Floor Lamp, c. 1905, designed by Louis Comfort Tiffany, made by Tiffany Studios, promised gift of Max Palevsky and Jodie Evans
In a recent contribution to "Critic's Notebook," Los Angeles Times art critic Christopher Knight admirably asserted the central importance of permanent collections to art museums. He wrote that "falling in love with the permanent collection is how the public makes a long-term commitment to the museum that houses those works." I share this belief, and it resonated somewhat literally when I had a chance to see Masterworks from the Max Palevsky and Jodie Evans Collection, an intimate exhibition of exquisite Arts and Crafts objects made around 1900 and recently promised to LACMA. Palevsky and Evans' promised gift of forty-five objects, in addition to hundreds of gifts previously made, profoundly enriches LACMA's collection of Arts and Crafts material—the most comprehensive of any museum in the United States.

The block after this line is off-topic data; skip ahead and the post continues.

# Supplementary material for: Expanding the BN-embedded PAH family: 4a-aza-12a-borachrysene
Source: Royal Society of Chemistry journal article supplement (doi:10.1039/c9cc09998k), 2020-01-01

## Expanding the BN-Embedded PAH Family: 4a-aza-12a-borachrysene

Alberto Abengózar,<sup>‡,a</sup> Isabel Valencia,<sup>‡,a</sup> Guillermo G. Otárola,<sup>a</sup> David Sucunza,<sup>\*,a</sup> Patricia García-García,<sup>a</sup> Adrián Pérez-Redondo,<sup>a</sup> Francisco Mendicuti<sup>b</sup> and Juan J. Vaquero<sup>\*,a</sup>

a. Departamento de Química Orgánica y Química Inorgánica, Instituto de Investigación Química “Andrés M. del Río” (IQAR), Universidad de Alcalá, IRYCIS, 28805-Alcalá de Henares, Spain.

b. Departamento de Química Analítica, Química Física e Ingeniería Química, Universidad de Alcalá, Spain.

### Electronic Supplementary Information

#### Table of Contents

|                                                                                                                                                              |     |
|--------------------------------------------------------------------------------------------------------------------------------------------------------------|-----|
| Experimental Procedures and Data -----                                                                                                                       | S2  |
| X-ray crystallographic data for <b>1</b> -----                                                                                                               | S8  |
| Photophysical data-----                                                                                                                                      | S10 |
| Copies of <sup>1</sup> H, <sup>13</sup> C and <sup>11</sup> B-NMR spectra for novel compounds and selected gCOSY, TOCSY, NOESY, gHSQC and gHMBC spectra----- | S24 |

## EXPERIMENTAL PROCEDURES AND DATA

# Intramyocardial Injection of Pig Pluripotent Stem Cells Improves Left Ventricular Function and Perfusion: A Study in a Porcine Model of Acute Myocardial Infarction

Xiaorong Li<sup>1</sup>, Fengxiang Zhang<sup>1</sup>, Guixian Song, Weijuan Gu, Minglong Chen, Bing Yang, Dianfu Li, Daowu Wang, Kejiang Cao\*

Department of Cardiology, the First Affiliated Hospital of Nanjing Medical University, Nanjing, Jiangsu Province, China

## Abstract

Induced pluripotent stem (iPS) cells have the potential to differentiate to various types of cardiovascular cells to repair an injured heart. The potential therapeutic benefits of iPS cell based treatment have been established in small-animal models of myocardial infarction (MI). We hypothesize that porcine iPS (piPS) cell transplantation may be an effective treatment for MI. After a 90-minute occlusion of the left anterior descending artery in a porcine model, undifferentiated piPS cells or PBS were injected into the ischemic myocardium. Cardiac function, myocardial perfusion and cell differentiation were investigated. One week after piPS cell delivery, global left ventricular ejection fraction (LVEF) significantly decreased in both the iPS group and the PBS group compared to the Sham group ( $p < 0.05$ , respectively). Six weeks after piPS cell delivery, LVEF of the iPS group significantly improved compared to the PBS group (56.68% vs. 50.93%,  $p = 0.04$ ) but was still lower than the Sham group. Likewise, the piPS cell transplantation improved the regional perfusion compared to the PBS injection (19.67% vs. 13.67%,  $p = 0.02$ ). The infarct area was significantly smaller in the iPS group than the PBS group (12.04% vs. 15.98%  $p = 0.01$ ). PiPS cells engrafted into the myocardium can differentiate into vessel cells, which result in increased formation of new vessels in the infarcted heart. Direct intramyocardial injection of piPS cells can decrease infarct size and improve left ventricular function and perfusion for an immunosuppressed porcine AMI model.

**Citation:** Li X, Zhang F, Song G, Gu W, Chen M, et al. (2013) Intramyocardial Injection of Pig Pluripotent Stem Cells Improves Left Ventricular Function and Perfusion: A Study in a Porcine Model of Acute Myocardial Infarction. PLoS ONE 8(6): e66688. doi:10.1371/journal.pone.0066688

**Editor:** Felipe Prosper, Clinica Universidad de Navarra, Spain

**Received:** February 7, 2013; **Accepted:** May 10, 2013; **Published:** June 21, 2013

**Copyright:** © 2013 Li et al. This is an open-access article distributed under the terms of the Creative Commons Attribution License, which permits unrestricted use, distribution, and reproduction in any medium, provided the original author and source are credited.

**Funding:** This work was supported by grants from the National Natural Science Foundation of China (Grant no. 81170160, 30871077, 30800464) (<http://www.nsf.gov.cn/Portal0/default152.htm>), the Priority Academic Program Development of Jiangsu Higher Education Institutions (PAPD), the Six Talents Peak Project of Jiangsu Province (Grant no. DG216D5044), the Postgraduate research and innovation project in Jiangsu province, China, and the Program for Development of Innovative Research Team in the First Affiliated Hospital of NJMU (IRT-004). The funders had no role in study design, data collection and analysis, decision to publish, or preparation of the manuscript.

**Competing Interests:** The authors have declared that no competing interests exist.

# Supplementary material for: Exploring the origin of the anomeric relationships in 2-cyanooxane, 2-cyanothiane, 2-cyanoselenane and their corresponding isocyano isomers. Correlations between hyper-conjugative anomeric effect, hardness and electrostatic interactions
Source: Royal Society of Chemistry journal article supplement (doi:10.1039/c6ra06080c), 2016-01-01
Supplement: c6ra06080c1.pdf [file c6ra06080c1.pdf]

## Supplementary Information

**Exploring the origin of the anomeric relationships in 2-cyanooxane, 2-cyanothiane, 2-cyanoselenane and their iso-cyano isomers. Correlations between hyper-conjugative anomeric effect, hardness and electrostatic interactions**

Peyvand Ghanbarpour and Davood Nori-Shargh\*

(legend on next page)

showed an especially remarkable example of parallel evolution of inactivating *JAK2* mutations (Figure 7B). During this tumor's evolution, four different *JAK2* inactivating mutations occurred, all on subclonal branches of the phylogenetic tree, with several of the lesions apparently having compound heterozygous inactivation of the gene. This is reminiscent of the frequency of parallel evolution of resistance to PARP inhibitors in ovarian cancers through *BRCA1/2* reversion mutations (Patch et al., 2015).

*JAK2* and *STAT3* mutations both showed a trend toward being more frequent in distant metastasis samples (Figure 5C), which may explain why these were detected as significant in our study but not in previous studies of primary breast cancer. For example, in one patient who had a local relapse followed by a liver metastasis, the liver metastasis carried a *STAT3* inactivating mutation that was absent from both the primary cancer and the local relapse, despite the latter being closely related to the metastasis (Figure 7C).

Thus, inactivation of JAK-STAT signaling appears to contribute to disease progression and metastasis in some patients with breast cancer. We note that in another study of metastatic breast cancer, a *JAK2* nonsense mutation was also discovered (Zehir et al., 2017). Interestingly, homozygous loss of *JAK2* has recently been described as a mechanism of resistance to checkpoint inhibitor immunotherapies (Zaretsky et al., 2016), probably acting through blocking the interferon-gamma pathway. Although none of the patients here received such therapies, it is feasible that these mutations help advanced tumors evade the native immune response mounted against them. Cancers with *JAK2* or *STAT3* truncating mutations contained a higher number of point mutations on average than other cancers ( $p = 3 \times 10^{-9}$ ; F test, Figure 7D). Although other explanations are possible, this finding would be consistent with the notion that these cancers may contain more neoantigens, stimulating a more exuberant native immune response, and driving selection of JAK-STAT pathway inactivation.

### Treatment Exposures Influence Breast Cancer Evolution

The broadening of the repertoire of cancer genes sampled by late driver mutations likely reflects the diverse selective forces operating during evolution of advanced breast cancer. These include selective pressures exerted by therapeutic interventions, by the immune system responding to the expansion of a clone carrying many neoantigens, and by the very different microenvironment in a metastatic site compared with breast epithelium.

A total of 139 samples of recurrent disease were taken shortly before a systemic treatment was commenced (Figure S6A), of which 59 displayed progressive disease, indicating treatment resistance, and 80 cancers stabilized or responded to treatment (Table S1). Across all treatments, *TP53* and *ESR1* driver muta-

As foremost collectors of such material for more than thirty years, Palevsky and Evans live with the objects most of us can only dream of owning. But ultimately LACMA will house these in our permanent collection, and a visit to see them here means the museum is also "your house." Visit the exhibition now to imagine reading beneath a magical Tiffany lamp of upside-down dragonflies; they have red and green glass eyes that glow like rubies and emeralds in the lamplight, as do the amber-colored glass pieces speckling the leaded glass shade as if an enlargement of a section of their delicate wings. You can pretend to have shopped at Liberty's on Regent Street in London for the elegant silver, enamel, and turquoise flagon, from which you will pour drinks for your guests. Or you can picture storing your precious items inside an inlaid jewelry coffer, then gazing out through a strikingly patterned stained glass window made by Frank Lloyd Wright. I bet you will be smitten, as I was, upon seeing the extraordinary beauty of these rare objects.